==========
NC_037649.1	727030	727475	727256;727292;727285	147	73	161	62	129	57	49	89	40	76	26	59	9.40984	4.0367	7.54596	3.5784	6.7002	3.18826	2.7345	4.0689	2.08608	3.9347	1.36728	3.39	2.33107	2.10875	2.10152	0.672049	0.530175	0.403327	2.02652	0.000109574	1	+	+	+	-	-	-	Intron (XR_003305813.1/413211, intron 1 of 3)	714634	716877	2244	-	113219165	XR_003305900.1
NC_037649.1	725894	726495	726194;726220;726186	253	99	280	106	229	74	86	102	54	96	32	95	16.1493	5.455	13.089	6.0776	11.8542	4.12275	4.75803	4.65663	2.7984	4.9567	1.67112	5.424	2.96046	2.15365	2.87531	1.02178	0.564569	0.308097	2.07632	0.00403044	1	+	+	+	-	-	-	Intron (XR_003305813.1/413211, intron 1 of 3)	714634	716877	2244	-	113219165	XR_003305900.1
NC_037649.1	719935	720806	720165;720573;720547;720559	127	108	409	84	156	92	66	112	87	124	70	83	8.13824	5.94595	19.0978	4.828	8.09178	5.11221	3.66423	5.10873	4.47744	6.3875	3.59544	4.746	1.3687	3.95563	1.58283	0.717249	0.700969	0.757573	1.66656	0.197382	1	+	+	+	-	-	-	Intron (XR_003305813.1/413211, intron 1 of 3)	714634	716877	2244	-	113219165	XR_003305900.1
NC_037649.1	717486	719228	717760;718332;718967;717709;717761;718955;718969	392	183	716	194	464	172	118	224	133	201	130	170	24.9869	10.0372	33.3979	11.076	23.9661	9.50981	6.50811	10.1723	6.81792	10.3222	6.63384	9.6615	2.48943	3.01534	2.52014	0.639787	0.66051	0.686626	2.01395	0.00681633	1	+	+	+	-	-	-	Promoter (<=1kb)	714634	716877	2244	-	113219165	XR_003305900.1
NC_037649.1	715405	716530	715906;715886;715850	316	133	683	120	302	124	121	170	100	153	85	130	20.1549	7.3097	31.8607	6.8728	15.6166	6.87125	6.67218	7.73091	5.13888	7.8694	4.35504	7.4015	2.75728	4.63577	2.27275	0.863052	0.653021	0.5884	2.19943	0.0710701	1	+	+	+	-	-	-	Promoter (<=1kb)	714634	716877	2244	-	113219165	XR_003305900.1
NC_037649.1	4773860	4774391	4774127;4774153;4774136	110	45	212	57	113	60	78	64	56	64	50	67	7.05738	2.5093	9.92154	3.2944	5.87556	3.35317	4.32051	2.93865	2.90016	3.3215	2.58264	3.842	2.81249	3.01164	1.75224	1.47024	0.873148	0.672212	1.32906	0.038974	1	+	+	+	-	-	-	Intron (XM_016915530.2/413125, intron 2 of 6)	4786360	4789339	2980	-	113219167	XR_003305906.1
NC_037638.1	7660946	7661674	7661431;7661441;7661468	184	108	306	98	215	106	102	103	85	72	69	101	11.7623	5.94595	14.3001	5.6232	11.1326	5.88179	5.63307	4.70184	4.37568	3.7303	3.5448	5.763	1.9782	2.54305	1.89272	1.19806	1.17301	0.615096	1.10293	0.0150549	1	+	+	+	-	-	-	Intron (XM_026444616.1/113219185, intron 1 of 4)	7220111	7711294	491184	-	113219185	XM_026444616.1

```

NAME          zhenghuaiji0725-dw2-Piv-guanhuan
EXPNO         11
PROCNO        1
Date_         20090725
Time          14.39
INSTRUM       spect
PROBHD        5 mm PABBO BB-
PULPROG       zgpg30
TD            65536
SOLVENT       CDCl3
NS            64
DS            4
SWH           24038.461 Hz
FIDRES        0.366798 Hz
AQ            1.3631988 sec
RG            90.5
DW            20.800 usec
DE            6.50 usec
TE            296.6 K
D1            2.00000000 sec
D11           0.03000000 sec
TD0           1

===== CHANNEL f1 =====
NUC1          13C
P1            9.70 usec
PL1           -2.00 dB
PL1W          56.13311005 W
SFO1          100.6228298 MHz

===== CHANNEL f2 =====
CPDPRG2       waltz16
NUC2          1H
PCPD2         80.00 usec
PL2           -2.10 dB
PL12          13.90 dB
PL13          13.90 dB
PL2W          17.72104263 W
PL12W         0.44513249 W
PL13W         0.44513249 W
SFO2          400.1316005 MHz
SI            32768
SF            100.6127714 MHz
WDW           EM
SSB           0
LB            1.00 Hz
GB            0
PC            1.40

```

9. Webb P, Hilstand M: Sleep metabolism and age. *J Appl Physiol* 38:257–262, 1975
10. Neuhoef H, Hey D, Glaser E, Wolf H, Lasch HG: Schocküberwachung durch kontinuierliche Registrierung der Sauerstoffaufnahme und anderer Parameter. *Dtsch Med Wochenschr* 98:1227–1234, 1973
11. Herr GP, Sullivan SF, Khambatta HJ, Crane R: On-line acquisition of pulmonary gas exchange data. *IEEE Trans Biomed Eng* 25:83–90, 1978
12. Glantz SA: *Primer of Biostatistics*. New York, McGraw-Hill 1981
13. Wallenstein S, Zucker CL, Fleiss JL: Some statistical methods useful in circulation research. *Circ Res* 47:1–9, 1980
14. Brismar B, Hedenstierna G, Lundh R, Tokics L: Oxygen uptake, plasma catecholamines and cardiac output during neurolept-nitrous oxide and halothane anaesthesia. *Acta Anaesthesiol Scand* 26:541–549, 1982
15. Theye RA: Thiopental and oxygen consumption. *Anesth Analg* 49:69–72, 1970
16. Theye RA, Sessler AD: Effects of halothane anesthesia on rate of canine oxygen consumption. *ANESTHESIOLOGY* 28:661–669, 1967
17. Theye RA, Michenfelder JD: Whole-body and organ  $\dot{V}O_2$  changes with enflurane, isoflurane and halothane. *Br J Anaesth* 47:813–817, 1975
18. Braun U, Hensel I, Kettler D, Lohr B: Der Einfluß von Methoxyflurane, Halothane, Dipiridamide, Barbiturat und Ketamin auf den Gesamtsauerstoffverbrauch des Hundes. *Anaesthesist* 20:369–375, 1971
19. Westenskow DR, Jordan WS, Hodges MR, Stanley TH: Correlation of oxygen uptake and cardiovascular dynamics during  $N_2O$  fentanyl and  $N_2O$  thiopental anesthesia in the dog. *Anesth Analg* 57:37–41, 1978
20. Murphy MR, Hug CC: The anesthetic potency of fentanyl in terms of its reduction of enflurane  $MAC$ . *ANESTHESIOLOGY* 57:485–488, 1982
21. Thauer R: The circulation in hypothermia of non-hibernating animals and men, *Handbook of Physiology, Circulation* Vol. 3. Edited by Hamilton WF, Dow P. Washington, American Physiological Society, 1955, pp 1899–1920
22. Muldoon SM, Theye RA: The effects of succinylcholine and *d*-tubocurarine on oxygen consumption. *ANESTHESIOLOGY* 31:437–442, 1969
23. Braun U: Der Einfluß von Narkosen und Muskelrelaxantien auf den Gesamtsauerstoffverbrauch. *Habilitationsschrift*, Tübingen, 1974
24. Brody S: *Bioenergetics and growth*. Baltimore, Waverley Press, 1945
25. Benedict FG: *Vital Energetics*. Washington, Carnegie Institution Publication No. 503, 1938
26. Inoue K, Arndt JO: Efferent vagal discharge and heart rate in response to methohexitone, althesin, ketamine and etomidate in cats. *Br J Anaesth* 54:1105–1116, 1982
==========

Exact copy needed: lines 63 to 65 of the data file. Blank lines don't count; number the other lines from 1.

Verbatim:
16. Theye RA, Sessler AD: Effects of halothane anesthesia on rate of canine oxygen consumption. *ANESTHESIOLOGY* 28:661–669, 1967
17. Theye RA, Michenfelder JD: Whole-body and organ  $\dot{V}O_2$  changes with enflurane, isoflurane and halothane. *Br J Anaesth* 47:813–817, 1975
18. Braun U, Hensel I, Kettler D, Lohr B: Der Einfluß von Methoxyflurane, Halothane, Dipiridamide, Barbiturat und Ketamin auf den Gesamtsauerstoffverbrauch des Hundes. *Anaesthesist* 20:369–375, 1971